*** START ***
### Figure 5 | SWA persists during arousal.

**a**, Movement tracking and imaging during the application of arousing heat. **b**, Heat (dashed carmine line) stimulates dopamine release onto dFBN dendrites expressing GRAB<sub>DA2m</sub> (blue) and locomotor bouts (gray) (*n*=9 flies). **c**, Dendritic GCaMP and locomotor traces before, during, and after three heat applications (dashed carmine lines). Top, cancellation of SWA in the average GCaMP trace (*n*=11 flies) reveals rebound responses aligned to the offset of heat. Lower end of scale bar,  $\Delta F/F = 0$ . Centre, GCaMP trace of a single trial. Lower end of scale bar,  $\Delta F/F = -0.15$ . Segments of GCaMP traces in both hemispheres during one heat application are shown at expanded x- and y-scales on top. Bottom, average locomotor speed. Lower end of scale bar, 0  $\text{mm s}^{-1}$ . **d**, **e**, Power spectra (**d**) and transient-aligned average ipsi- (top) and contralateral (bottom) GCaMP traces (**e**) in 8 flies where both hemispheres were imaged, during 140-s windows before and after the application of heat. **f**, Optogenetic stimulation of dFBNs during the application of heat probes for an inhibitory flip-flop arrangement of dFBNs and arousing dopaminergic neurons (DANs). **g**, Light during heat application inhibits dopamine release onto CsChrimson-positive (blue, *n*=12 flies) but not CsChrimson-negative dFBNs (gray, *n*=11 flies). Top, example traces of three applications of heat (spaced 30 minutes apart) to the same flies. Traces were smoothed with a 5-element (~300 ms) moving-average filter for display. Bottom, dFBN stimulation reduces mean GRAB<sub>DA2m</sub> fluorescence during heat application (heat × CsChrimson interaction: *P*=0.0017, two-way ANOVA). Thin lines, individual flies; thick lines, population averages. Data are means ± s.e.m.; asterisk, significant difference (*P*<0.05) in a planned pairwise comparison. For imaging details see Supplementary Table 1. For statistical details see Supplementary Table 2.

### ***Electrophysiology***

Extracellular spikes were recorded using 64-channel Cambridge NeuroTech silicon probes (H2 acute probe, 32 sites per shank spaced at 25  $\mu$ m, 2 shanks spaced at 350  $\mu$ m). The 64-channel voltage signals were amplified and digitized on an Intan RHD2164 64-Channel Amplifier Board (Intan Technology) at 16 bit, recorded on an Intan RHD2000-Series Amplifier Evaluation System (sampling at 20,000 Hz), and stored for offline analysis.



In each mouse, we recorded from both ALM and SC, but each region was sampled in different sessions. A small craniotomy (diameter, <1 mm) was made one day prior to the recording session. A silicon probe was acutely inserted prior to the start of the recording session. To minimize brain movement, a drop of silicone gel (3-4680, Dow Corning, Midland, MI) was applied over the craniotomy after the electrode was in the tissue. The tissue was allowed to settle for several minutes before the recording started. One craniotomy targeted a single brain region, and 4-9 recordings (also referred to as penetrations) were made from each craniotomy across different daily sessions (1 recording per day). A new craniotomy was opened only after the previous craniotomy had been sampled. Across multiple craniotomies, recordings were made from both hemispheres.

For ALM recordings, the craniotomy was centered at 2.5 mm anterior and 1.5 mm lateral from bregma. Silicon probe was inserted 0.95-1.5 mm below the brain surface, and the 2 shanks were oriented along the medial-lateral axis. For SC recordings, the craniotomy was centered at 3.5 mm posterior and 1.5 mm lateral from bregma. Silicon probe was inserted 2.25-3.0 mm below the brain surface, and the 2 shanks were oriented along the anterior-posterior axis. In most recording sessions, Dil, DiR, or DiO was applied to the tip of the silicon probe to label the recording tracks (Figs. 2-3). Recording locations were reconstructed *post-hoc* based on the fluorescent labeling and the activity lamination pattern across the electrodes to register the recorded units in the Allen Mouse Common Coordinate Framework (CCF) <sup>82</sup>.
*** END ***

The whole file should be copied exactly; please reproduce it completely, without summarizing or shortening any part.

### Figure 5 | SWA persists during arousal.

**a**, Movement tracking and imaging during the application of arousing heat. **b**, Heat (dashed carmine line) stimulates dopamine release onto dFBN dendrites expressing GRAB<sub>DA2m</sub> (blue) and locomotor bouts (gray) (*n*=9 flies). **c**, Dendritic GCaMP and locomotor traces before, during, and after three heat applications (dashed carmine lines). Top, cancellation of SWA in the average GCaMP trace (*n*=11 flies) reveals rebound responses aligned to the offset of heat. Lower end of scale bar,  $\Delta F/F = 0$ . Centre, GCaMP trace of a single trial. Lower end of scale bar,  $\Delta F/F = -0.15$ . Segments of GCaMP traces in both hemispheres during one heat application are shown at expanded x- and y-scales on top. Bottom, average locomotor speed. Lower end of scale bar, 0  $\text{mm s}^{-1}$ . **d**, **e**, Power spectra (**d**) and transient-aligned average ipsi- (top) and contralateral (bottom) GCaMP traces (**e**) in 8 flies where both hemispheres were imaged, during 140-s windows before and after the application of heat. **f**, Optogenetic stimulation of dFBNs during the application of heat probes for an inhibitory flip-flop arrangement of dFBNs and arousing dopaminergic neurons (DANs). **g**, Light during heat application inhibits dopamine release onto CsChrimson-positive (blue, *n*=12 flies) but not CsChrimson-negative dFBNs (gray, *n*=11 flies). Top, example traces of three applications of heat (spaced 30 minutes apart) to the same flies. Traces were smoothed with a 5-element (~300 ms) moving-average filter for display. Bottom, dFBN stimulation reduces mean GRAB<sub>DA2m</sub> fluorescence during heat application (heat × CsChrimson interaction: *P*=0.0017, two-way ANOVA). Thin lines, individual flies; thick lines, population averages. Data are means ± s.e.m.; asterisk, significant difference (*P*<0.05) in a planned pairwise comparison. For imaging details see Supplementary Table 1. For statistical details see Supplementary Table 2.

### ***Electrophysiology***

Extracellular spikes were recorded using 64-channel Cambridge NeuroTech silicon probes (H2 acute probe, 32 sites per shank spaced at 25  $\mu$ m, 2 shanks spaced at 350  $\mu$ m). The 64-channel voltage signals were amplified and digitized on an Intan RHD2164 64-Channel Amplifier Board (Intan Technology) at 16 bit, recorded on an Intan RHD2000-Series Amplifier Evaluation System (sampling at 20,000 Hz), and stored for offline analysis.



In each mouse, we recorded from both ALM and SC, but each region was sampled in different sessions. A small craniotomy (diameter, <1 mm) was made one day prior to the recording session. A silicon probe was acutely inserted prior to the start of the recording session. To minimize brain movement, a drop of silicone gel (3-4680, Dow Corning, Midland, MI) was applied over the craniotomy after the electrode was in the tissue. The tissue was allowed to settle for several minutes before the recording started. One craniotomy targeted a single brain region, and 4-9 recordings (also referred to as penetrations) were made from each craniotomy across different daily sessions (1 recording per day). A new craniotomy was opened only after the previous craniotomy had been sampled. Across multiple craniotomies, recordings were made from both hemispheres.

For ALM recordings, the craniotomy was centered at 2.5 mm anterior and 1.5 mm lateral from bregma. Silicon probe was inserted 0.95-1.5 mm below the brain surface, and the 2 shanks were oriented along the medial-lateral axis. For SC recordings, the craniotomy was centered at 3.5 mm posterior and 1.5 mm lateral from bregma. Silicon probe was inserted 2.25-3.0 mm below the brain surface, and the 2 shanks were oriented along the anterior-posterior axis. In most recording sessions, Dil, DiR, or DiO was applied to the tip of the silicon probe to label the recording tracks (Figs. 2-3). Recording locations were reconstructed *post-hoc* based on the fluorescent labeling and the activity lamination pattern across the electrodes to register the recorded units in the Allen Mouse Common Coordinate Framework (CCF) <sup>82</sup>.